Following the destruction of the caves, we undertook a series of meetings with Rio Tinto.

One of our central asks of Rio Tinto, is for them report to investors how they are progressing in their commitments to rebuild relationships from the perspective of Traditional Owners. Rio Tinto has recently released the first iteration of this report. While the transparency is promising, the Traditional Owner groups who provided feedback are clear there is a long way to go to restore trust.

However, our work on this has not only focused on Rio Tinto.

What was particularly shocking about the Juukan Gorge incident was that not only were Rio Tinto considered leaders in this area, but that the destruction of the caves was technically legal.

This suggested to us the risks posed to investors were not specific to Rio Tinto but systemic in nature. This means the potential risk to super fund members’ retirement outcomes is widespread and significant.

Our concerns about the systemic nature of these risks were validated by the findings of the Parliamentary Inquiry’s December 2020 interim report into the destruction of the caves at Juukan Gorge.

To properly address these risks, we need change, not only at Rio Tinto, but throughout the mining sector and at a legislative and a regulatory level.  This requires a multi-faceted approach.


Encouraging change

To address broader mining sector risks, we have written to and met with many investee companies to learn about their approaches and to communicate our expectations of how they should partner sustainably with Indigenous communities.

After this series of meetings, we compiled examples of good practices and shared them publicly. Traditionally, investors have relied on company disclosures and meetings to understand and assess how well they are managing systemic risk and their own social license. However, the shocking events at Juukan Gorge showed significant gaps between public commitments and operational reality.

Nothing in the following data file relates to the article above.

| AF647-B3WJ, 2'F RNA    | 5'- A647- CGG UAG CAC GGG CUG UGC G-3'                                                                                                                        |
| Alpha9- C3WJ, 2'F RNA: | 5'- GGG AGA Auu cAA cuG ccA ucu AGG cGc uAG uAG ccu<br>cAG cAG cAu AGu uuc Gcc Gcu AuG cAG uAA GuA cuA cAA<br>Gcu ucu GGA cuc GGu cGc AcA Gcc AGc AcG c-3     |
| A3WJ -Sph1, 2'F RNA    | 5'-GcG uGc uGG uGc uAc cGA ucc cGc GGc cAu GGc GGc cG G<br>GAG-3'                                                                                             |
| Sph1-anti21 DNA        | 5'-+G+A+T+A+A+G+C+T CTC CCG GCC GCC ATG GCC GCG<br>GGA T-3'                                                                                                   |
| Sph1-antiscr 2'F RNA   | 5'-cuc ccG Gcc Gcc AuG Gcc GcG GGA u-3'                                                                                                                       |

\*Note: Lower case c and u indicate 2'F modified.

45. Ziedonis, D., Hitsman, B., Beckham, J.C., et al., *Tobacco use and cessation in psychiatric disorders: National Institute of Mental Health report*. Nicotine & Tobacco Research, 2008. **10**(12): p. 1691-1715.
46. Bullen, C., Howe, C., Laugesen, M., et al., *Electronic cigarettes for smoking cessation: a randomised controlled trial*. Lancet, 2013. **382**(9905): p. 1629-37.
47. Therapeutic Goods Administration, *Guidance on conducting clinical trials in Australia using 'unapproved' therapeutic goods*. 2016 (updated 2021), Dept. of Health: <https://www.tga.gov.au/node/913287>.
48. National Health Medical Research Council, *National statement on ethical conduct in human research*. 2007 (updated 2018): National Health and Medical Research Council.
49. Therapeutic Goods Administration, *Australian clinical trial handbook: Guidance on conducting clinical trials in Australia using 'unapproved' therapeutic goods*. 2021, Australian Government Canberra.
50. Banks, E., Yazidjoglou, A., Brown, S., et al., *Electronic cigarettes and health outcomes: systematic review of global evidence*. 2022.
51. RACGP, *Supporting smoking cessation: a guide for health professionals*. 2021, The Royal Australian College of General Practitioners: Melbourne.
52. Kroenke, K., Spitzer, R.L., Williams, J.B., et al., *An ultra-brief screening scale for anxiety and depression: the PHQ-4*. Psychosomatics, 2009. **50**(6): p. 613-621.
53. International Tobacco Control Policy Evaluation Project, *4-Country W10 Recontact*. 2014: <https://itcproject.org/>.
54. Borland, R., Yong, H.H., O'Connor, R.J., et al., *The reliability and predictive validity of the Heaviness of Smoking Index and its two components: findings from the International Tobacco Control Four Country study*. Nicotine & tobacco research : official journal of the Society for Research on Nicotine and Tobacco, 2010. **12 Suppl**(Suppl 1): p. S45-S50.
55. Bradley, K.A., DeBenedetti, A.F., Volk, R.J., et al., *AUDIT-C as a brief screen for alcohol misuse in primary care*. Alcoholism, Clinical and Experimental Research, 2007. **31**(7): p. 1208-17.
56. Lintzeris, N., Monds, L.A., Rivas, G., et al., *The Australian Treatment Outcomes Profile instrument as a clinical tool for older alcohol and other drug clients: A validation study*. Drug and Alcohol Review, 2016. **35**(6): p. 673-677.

To gain a better perspective on sector risks we have built relationships with Traditional Owners, their representatives, and Indigenous peak bodies. Their generous sharing of their perspectives was essential to us gaining a better understanding of what was happening on-the-ground.

We’ve also been strongly encouraged mining companies to adopt and promote a culture of considering whether they ‘should’ do something rather than whether they ‘can’ do something. As what’s currently legal may not be right as the law in many cases hasn’t kept up with community expectations.

Cultural heritage law reform as core part of our work in this area. That’s why we’re also advocating to improving important legal protections ensure that laws and practices can better adapt to changing community expectations. We have provided numerous submissions to the Parliamentary Inquiry and State consultations on this topic and supporting standards that peak Indigenous advisory bodies have called for.

On occasions where companies make decisions and discover a gap between the letter of the law and community expectations, it’s investors such as HESTA who bear the costs, which ultimately results in lower returns for our members.

How does HESTA see a better future?

As investors, we want to strengthen company accountability and encourage investee companies to build trust with Traditional Owners. We need companies, including Boards, to build trust with the communities whose land they operate on or near and we need them to find a way to honestly disclose their progress to investors.

We want legislation that better protects Traditional Owners and their heritage. If there’s a breakdown of communication or standards by a company, legislation must act as a safety net for communities. The trust of traditional owners is essential in the mining sector, to ensure the long-term investment value on which our members’ retirement outcomes depend.